Green Engineering’s New Charge

on July 12, 2011 at 6:00 AM

Powering the green energy revolution will take more than technology and renewable energy sources – it will require a new generation of engineers with diverse skills and fresh thinking.

These skilled engineers are in high demand as the world’s energy needs rise. Global demand for electricity is estimated to surge 50% by 2030. Policymakers are mandating that that this need be met partially from green sources. In the US, 33 states plus the District of Columbia have ordered their utilities to produce a growing percentage of power from renewable sources within the next couple of decades. More states are expected to follow suit.

To grow the talent needed to fuel green energy’s future, institutions from universities to labor unions are focusing on “green-collar” job training. At GE, we’ve hired hundreds of engineers in the last few years, and we’ve found that, while traditional experience is important, a broad range of skills, from chemistry to software development are crucial. But we’ve also uncovered a few common threads among successful green engineers.

Manyphay Souvannarath is one of those successful engineers here at GE. As a senior systems engineer for smart grid, she has learned first hand the qualities needed to excel in green engineering, and have opportunity for years to come.

Big-picture thinking

While engineering is a field of specialists, green engineers need to have a big-picture view across complex systems and understand industry issues. For Manyphay, one of the most important qualities for a green engineer – especially those who work with smart grid technology – is the ability to think at a solutions-oriented level.

One of the biggest challenges facing green energy is getting disparate systems and the resulting data they produce to communicate with each other. People who can help break this barrier will find no shortage of opportunity.

Beyond the technology, understanding the complex energy space is essential.

“Energy is not just about the power plants, transmission lines and distributions lines,” Manyphay says. “Energy is a system that is affected by government, standards committees, consumer behavior and even weather.”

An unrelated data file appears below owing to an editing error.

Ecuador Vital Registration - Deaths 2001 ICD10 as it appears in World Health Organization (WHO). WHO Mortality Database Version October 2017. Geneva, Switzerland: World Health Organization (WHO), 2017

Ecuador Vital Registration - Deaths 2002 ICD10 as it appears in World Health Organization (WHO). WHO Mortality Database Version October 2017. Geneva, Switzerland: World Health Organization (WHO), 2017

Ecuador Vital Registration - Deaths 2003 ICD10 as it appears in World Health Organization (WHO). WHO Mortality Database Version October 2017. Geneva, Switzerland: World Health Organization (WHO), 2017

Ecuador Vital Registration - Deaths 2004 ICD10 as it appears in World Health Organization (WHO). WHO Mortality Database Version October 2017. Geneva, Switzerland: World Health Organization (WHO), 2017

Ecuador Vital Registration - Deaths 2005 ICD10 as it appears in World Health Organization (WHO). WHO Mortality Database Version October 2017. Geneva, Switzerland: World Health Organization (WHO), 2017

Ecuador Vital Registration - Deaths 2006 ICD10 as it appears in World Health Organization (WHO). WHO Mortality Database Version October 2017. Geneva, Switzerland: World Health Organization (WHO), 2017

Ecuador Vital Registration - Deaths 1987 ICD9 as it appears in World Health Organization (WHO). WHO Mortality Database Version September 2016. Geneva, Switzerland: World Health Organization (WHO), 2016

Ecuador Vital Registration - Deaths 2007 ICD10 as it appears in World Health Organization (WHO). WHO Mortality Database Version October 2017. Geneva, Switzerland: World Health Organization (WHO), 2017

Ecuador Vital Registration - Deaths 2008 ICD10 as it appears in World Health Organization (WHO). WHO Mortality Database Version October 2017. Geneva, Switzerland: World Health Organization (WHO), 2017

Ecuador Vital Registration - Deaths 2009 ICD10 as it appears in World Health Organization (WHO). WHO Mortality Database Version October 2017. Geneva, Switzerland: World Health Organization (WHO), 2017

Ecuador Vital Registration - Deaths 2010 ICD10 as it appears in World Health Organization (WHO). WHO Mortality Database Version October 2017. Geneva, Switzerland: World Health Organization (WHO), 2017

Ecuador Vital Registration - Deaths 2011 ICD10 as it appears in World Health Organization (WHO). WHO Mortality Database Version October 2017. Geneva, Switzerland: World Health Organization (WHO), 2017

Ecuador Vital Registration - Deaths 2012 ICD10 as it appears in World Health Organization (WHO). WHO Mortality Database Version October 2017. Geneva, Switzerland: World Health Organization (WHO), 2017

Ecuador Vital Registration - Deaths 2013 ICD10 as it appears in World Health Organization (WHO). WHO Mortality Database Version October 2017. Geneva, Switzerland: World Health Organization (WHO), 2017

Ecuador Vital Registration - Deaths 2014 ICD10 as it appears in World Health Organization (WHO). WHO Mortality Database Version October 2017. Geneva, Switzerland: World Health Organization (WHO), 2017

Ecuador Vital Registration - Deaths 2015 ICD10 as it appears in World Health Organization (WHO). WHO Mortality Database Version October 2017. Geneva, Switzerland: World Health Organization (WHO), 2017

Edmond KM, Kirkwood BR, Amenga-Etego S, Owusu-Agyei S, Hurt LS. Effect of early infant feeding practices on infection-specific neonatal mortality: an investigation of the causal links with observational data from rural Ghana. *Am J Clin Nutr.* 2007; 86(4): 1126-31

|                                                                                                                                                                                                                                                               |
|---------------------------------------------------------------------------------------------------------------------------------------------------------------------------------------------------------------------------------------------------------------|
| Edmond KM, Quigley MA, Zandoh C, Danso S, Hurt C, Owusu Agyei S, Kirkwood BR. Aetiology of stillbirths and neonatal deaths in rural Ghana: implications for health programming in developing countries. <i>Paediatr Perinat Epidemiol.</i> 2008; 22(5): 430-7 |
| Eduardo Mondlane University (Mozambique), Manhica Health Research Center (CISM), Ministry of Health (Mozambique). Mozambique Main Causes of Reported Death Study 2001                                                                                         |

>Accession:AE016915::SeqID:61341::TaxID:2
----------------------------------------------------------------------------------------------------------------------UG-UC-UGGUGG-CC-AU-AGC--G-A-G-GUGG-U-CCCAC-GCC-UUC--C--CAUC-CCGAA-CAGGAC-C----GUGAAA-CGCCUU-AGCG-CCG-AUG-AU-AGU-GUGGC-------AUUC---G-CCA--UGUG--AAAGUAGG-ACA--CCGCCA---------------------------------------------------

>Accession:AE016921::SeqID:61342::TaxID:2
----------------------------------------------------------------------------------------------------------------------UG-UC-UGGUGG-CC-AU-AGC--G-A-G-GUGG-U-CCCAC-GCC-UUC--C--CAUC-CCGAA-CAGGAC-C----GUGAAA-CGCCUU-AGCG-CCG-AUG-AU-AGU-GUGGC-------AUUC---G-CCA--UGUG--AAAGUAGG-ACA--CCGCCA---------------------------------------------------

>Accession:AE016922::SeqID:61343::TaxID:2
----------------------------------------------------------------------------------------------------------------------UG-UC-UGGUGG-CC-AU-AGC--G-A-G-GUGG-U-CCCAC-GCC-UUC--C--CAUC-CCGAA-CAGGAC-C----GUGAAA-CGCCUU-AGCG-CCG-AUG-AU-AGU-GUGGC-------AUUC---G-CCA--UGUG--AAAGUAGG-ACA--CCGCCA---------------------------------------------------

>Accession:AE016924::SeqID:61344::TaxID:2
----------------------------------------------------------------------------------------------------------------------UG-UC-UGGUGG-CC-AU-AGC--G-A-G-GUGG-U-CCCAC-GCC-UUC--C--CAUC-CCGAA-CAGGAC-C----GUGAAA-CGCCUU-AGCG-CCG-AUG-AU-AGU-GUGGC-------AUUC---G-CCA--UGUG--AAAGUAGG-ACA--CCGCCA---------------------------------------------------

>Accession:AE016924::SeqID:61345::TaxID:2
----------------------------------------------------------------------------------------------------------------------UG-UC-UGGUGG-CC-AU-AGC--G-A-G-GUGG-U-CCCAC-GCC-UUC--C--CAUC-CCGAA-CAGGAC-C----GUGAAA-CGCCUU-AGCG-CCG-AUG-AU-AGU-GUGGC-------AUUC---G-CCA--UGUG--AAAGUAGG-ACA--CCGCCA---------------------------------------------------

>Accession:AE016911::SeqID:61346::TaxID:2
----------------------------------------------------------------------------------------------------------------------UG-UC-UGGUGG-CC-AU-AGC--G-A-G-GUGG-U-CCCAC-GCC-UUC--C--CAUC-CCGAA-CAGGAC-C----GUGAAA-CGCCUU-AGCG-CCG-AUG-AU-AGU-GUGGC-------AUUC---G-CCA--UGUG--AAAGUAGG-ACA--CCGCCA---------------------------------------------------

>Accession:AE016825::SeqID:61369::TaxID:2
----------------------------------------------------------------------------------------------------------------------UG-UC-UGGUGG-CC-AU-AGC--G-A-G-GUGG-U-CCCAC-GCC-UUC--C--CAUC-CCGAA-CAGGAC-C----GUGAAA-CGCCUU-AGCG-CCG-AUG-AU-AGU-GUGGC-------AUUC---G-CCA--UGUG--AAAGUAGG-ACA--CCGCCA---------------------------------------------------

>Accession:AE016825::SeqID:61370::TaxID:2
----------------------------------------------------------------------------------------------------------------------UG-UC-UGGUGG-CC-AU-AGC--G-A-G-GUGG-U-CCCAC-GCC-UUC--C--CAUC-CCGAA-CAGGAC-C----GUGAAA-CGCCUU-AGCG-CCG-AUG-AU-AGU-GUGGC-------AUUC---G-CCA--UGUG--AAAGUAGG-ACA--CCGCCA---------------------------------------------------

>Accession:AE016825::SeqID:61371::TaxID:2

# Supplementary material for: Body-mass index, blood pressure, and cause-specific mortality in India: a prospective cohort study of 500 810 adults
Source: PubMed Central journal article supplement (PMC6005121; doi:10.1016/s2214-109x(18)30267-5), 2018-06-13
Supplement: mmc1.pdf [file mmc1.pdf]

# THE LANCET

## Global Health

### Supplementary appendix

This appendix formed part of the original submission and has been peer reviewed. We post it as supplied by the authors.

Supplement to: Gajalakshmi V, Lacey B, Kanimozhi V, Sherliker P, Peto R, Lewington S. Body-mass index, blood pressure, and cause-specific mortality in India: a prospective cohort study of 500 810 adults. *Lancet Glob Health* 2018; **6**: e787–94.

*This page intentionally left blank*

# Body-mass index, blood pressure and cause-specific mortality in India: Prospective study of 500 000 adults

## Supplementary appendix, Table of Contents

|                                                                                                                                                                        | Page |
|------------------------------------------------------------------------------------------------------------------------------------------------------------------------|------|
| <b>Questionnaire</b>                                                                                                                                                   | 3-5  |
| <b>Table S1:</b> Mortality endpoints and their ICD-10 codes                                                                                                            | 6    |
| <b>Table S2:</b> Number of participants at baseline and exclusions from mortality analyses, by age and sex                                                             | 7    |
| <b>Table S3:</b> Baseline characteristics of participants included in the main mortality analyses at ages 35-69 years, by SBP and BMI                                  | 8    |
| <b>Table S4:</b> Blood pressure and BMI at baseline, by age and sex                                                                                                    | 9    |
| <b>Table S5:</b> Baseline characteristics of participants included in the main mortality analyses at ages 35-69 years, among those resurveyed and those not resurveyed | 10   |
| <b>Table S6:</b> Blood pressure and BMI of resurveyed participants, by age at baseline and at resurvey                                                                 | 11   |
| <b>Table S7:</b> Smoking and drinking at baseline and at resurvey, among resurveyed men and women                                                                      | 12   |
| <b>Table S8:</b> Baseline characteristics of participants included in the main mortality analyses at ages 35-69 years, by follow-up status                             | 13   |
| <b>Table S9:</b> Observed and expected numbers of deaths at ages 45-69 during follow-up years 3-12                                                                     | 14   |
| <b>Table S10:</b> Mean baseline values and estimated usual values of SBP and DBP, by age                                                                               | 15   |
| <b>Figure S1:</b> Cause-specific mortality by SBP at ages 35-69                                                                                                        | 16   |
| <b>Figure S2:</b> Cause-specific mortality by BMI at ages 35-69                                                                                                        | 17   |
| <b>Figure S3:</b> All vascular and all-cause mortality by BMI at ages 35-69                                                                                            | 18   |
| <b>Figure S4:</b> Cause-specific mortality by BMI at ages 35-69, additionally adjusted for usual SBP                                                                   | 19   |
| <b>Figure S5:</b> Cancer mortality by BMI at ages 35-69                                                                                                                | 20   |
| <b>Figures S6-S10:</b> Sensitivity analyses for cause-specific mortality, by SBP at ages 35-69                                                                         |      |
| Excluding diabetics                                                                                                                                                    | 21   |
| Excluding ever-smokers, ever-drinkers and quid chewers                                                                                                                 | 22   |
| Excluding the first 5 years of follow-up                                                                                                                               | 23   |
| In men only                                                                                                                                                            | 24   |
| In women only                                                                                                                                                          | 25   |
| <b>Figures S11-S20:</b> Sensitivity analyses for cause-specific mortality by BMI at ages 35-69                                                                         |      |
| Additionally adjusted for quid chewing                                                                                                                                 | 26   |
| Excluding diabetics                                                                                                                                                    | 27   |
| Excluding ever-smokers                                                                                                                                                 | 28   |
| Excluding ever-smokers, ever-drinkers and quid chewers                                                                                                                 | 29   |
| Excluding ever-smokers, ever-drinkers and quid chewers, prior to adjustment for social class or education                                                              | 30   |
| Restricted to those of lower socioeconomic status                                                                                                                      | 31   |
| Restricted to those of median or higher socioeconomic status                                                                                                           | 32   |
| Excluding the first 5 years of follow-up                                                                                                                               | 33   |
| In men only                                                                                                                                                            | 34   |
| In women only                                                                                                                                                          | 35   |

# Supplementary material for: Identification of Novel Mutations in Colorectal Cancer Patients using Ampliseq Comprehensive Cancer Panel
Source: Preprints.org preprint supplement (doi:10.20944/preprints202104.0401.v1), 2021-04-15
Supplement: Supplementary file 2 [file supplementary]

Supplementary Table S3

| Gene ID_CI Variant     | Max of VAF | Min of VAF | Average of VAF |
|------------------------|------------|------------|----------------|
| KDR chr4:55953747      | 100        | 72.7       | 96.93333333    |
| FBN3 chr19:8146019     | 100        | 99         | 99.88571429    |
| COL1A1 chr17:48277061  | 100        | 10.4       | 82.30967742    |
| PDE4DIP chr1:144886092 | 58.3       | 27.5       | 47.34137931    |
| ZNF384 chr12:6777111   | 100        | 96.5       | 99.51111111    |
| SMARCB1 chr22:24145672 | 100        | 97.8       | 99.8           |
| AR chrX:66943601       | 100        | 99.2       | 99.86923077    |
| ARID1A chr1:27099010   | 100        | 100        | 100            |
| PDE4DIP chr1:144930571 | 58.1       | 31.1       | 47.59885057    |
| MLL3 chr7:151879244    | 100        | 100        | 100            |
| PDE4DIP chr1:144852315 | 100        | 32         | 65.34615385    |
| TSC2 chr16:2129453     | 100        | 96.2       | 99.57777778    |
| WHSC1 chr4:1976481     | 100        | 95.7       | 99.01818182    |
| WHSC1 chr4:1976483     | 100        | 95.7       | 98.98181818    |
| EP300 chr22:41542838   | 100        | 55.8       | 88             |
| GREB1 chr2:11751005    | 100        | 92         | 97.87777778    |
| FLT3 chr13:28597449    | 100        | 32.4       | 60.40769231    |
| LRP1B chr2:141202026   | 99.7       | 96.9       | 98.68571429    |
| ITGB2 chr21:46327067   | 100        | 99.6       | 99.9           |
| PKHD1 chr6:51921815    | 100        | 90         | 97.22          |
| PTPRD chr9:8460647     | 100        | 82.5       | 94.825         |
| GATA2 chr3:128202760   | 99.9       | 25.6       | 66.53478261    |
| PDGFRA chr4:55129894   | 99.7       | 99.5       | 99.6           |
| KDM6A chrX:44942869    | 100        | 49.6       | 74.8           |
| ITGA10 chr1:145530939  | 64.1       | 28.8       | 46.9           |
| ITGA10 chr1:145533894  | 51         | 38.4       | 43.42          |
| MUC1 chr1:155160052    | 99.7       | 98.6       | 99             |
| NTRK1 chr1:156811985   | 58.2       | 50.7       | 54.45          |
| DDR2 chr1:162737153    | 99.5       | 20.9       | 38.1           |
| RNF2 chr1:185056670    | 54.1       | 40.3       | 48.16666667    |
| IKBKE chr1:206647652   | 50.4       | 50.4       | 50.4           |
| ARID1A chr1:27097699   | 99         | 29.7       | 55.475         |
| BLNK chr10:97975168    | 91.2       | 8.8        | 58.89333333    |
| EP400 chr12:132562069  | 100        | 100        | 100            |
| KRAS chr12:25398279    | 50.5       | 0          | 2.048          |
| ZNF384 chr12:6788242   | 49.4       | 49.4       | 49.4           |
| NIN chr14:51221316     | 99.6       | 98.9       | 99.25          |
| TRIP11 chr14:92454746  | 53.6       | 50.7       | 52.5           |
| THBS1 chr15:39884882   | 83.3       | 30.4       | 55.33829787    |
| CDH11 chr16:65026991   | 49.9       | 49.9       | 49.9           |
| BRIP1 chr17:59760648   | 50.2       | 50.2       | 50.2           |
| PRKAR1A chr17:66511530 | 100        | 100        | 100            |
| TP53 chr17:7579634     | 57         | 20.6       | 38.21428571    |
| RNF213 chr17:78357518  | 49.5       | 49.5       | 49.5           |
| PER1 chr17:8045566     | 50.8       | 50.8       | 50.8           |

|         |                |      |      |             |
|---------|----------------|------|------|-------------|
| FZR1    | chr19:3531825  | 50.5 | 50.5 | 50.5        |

As the industry comes to terms with the interconnectedness of new energy sources, opportunities will emerge for green engineers.

Multifaceted interests and training

A big-picture view often is formed though diverse experience and cross-disciplinary training. For example, prior to joining GE, Manyphay worked with a utility company in Michigan. She has chemistry and computer science degrees, along with an MBA. While multiple degrees aren’t essential, training across disciplines creates myriad green engineering opportunities, including systems architecture, field installation and software and standards development.

Passion and commitment

To create the energy infrastructure of tomorrow, engineers will need more than technical abilities – they need passion and commitment.

“We sometimes take for granted the work and process that goes into the flip of a switch,” Manyphay says. “I spent a lot of hot summer days in a coal-burning power facility, learning about the different systems of a plant and how power is generated. The experience not only improved my technological knowledge, but also instilled in me a strong value to never take power for granted. This, along with my sustainability values, fuels my passion to see us as humans be better stewards with the resources we have.”

For engineers who have this passion, there are a growing number of opportunities to gain experience. More than $500 million in stimulus money for education is targeted for green job training, and more than 300 community colleges are now aligned with the Sustainable Education and Economic Development (SEED) Center, which helps community colleges develop green job training programs.

GE has an internal engineering advancement program to make experienced engineers think and work on a more system-oriented level. We are always looking for talented individuals who have a mix of mechanical, electrical and software engineering expertise, and will work with them to develop the skills they need to drive innovation.

Green energy is one of the most fascinating challenges and strongest areas for opportunity of our times. To propel its future, green engineers will lead the charge.

Mike Carlson is general manager, Smart Grid Solutions for GE’s Digital Energy business, part of GE Energy.

Photo Caption: A Moroccan engineer cycles past a solar panel at that country’s largest solar generating station.